Welcome to the first in an occasional series of writing tips, advice, and musings from a wonderful bunch of writers! As has been shown by the success in our events and blogs related to the writing process – everything from last year’s event ‘How to Get Published’ in association with Red Squirrel Press to blogs on the writer’s life – it is clear that the members, followers and readers of Scottish Writers’ Centre love reading about the act of putting words down on a page.
In this first post, Anne M Scriven writes – in beautiful prose – about her own process of life-writing. Back in February, I loved her event on ten women who have inspired and influenced her writing – you can check out the interview and blog post here – and when thinking of writers who could render the complexities and joys of writing, I immediately thought of Anne. I hope you enjoy her insightful and thoroughly enjoyable piece, and all the writing tips and essays we have to come! – Rachel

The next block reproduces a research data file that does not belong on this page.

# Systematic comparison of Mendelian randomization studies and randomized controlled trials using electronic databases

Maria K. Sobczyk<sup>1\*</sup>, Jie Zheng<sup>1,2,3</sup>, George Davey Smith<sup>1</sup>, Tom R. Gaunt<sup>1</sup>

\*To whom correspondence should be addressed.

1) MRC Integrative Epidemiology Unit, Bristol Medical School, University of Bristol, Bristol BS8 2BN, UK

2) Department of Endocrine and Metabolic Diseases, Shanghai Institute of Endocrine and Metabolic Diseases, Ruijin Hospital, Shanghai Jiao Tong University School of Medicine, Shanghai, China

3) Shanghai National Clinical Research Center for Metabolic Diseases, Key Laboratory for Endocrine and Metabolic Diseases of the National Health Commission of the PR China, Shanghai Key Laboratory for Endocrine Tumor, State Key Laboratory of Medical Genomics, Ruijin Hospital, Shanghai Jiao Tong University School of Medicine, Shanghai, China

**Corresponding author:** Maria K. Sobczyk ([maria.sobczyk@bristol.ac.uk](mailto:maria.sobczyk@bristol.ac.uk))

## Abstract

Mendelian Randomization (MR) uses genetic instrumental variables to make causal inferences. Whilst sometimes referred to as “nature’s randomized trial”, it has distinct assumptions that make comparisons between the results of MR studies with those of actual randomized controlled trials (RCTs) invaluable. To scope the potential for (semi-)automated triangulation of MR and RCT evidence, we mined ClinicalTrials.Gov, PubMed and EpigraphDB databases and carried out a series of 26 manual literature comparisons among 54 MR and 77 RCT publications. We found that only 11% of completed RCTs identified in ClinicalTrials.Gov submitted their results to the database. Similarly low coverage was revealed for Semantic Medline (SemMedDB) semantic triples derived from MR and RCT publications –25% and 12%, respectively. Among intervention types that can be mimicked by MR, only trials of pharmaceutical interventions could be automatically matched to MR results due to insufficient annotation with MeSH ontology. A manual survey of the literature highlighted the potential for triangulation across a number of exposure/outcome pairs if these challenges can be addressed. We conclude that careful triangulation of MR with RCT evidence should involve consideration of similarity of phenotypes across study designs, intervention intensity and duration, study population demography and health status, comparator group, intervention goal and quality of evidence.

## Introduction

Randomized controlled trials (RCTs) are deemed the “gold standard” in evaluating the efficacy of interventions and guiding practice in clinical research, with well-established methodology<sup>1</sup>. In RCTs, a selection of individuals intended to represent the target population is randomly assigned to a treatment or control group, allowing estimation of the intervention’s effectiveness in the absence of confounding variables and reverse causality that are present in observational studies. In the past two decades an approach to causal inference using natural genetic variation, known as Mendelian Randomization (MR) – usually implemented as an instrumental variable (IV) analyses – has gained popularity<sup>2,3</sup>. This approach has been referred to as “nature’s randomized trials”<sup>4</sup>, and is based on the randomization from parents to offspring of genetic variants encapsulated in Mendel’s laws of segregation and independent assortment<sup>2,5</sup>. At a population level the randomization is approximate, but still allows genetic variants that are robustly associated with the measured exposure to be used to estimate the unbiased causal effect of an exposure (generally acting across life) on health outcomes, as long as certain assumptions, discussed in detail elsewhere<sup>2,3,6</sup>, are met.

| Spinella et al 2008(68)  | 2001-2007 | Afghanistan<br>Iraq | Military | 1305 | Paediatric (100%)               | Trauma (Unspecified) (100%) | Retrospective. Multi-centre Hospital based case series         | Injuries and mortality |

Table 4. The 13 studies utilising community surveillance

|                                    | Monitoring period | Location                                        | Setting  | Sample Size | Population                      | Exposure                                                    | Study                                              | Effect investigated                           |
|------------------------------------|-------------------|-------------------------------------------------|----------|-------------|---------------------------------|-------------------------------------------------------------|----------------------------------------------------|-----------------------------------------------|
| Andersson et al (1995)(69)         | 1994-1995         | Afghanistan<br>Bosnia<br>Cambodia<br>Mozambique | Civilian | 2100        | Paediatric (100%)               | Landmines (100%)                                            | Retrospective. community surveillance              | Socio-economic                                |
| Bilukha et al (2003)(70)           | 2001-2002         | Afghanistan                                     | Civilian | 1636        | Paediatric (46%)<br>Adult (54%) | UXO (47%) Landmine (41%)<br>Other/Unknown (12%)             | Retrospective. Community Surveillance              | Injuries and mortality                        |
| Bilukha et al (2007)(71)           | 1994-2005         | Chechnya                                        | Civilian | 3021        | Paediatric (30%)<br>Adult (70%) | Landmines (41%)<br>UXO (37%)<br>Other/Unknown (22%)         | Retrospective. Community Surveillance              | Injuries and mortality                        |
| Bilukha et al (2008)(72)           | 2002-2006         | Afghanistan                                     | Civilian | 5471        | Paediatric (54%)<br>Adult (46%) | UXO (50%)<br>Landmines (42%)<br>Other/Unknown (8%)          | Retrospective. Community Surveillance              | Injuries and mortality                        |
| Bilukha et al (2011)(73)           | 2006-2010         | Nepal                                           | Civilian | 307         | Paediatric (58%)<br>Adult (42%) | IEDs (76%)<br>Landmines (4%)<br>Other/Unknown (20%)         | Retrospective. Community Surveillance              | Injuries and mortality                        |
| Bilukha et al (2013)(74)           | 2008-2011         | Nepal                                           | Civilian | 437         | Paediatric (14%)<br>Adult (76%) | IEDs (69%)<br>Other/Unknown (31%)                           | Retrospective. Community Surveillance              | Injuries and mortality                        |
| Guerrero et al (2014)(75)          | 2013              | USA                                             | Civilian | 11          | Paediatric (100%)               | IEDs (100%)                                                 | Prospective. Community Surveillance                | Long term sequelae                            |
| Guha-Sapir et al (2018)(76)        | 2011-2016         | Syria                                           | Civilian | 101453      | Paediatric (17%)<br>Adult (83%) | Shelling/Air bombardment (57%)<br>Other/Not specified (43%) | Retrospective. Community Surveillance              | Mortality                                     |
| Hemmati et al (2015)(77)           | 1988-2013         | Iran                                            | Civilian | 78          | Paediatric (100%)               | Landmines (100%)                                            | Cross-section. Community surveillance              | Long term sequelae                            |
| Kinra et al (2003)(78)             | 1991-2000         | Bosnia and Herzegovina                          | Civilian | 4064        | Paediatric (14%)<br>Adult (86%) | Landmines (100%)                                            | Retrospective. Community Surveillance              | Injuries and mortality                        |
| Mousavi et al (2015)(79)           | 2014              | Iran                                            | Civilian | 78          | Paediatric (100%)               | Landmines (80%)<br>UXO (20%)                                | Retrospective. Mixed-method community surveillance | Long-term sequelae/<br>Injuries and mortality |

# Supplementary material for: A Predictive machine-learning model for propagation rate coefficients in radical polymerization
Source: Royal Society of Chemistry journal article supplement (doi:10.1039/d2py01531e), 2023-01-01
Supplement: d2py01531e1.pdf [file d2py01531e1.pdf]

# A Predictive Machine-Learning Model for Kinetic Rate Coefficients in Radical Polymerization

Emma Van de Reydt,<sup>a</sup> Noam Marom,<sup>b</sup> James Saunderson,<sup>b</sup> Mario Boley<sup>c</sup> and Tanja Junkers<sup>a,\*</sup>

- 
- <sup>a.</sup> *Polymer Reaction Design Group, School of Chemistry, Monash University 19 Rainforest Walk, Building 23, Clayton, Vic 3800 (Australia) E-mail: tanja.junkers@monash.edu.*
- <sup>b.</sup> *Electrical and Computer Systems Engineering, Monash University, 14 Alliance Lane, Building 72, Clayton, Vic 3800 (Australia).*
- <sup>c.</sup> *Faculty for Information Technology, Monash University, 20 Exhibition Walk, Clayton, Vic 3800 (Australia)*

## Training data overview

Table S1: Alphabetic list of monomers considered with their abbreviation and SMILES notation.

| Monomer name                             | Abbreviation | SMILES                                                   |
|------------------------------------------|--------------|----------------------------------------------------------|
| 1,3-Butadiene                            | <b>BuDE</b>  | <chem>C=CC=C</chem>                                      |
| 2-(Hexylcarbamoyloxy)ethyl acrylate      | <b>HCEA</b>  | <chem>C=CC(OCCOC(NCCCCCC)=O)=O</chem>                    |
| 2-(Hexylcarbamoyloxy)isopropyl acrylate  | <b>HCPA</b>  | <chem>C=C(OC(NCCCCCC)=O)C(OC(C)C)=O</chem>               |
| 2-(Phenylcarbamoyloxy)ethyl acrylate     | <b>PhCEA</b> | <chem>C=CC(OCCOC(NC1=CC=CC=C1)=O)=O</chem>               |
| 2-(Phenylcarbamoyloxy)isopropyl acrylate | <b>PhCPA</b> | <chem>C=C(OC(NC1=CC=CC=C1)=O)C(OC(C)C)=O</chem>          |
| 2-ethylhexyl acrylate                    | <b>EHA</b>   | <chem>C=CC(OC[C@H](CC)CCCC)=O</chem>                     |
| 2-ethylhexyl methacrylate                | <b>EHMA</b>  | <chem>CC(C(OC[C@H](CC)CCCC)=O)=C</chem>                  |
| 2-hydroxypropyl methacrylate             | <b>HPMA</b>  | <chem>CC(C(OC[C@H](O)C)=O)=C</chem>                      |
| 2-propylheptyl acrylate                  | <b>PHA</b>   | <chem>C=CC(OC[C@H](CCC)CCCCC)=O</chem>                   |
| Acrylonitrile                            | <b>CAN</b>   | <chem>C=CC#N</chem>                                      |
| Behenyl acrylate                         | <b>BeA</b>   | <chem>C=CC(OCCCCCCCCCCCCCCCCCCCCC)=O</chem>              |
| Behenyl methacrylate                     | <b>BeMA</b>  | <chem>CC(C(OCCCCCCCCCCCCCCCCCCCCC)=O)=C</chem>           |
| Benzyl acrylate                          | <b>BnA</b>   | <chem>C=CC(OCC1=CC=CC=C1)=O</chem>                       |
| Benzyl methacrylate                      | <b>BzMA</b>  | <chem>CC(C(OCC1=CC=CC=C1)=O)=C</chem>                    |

For the past fifteen minutes I have sat at my desk, fingers poised over keyboard, framing a first sentence. I decided on the one I have just written, and you have just read, because I think I should explain the question in my mind. I’m wondering, you see, if writing can actually be taught — yes, I know it’s a prevalent query and one that surely figures in every creative writing class — but I’ve never written out any of my thoughts on it, so I need to give attention to this question if I am in hope of moving on with this piece. Should we take cognisance, for example, of the wee Kirkcudbright centipede — the brilliant creation of singer-songwriter Matt McGinn — who learned that it was tricky, if not downright dangerous, to attempt an explanation of what she did most naturally? Should we be wary of a pedantic Jenny Longlegs, with pencil and pad, taking careful note of how we dance our best words?